Monday, May 09, 2005

The Unfairness of German Resentment Against the French, and What Would Have Been a More Just Situation

The other day, a Frenchwoman was explaining why she left her job, which, as far as I could gather, involved a civilian company catering in some way to the French military abroad. She got sick of "serving" with the French military in Germany, she said, because the Germans were exceedingly xenophobic. For instance, she added, she once saw a sign on the PX that read, "dogs and foreign servicemen not allowed".

I and a couple of others intervened, asking whether the sign — which sounded totally illegal, if nothing else — was an official one or a paint-up job, and how long it stayed there. Also, I wondered, was it really evidence of ugly xenophobia or might it simply have been part of a "campaign" of good-natured, give-and-take, fraternal ribbing between comrades?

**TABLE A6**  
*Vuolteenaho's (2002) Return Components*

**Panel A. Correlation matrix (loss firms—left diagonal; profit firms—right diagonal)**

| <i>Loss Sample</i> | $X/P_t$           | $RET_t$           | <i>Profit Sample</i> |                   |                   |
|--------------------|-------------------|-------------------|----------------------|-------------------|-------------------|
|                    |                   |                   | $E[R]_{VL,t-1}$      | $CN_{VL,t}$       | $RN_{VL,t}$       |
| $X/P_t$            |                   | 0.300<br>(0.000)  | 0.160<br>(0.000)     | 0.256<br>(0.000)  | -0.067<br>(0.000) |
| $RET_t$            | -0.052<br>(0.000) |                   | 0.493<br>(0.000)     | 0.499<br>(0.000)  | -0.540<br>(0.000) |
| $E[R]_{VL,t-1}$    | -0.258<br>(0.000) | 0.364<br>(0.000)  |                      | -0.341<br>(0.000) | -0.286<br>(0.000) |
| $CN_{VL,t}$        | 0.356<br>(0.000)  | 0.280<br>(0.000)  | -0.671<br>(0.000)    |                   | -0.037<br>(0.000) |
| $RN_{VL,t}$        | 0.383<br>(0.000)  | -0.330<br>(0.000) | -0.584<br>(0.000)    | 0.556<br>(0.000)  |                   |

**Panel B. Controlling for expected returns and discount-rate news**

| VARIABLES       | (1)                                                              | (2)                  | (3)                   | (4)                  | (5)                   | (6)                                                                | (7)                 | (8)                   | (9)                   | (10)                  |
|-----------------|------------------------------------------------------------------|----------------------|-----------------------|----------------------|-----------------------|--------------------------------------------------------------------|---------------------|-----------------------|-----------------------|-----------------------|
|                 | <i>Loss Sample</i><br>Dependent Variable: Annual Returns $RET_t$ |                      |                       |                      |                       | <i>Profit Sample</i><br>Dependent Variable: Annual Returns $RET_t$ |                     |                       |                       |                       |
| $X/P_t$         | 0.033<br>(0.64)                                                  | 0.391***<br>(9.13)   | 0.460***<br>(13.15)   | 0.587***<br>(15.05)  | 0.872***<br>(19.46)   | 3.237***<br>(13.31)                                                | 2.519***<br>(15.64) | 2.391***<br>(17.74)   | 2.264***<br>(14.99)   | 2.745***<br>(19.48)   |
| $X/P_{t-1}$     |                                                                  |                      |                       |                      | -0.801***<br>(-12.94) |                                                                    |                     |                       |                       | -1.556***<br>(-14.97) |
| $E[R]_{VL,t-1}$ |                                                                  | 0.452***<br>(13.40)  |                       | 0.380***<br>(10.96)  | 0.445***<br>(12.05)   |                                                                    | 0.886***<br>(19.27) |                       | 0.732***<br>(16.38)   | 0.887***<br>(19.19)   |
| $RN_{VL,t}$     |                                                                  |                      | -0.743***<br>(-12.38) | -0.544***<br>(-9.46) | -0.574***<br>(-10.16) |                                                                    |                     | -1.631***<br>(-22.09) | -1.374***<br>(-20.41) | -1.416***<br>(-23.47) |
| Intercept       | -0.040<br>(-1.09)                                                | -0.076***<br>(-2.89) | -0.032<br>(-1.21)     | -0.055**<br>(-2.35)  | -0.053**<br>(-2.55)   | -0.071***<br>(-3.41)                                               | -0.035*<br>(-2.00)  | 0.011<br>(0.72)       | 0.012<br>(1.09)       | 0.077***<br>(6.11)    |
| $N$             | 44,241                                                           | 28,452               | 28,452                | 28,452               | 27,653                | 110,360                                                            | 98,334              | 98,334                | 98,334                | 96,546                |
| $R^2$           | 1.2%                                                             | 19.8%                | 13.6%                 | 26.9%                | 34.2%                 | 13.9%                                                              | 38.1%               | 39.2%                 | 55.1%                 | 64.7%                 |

Just then, the conversation changed, because a guy chimed in about the unfairness of the situation. He seemed truly bewildered:

Since 1945, they [the Germans] should not feel resentful against the French, but rather against the Americans
It would have been nice if somehow he — or one (just one) of the four or five Frenchmen present — had seen some underlying irony in what he said, or even hinted at a modicum of praise for les Américains.

But all he seemed to see was the injustice of a situation in which the French had displayed good (i.e., peaceful) "behaviour" and, insofar as it was deserved, any oppobrium could only be directed towards the war-mongering Americans. None of the others present thought it worthwhile to point out that perhaps the only correct behaviour, the only defensible one, in World War II was that adopted by Uncle Sam, and Dieu merci pour nous tous that they did as they did, earning German resentment in the process.

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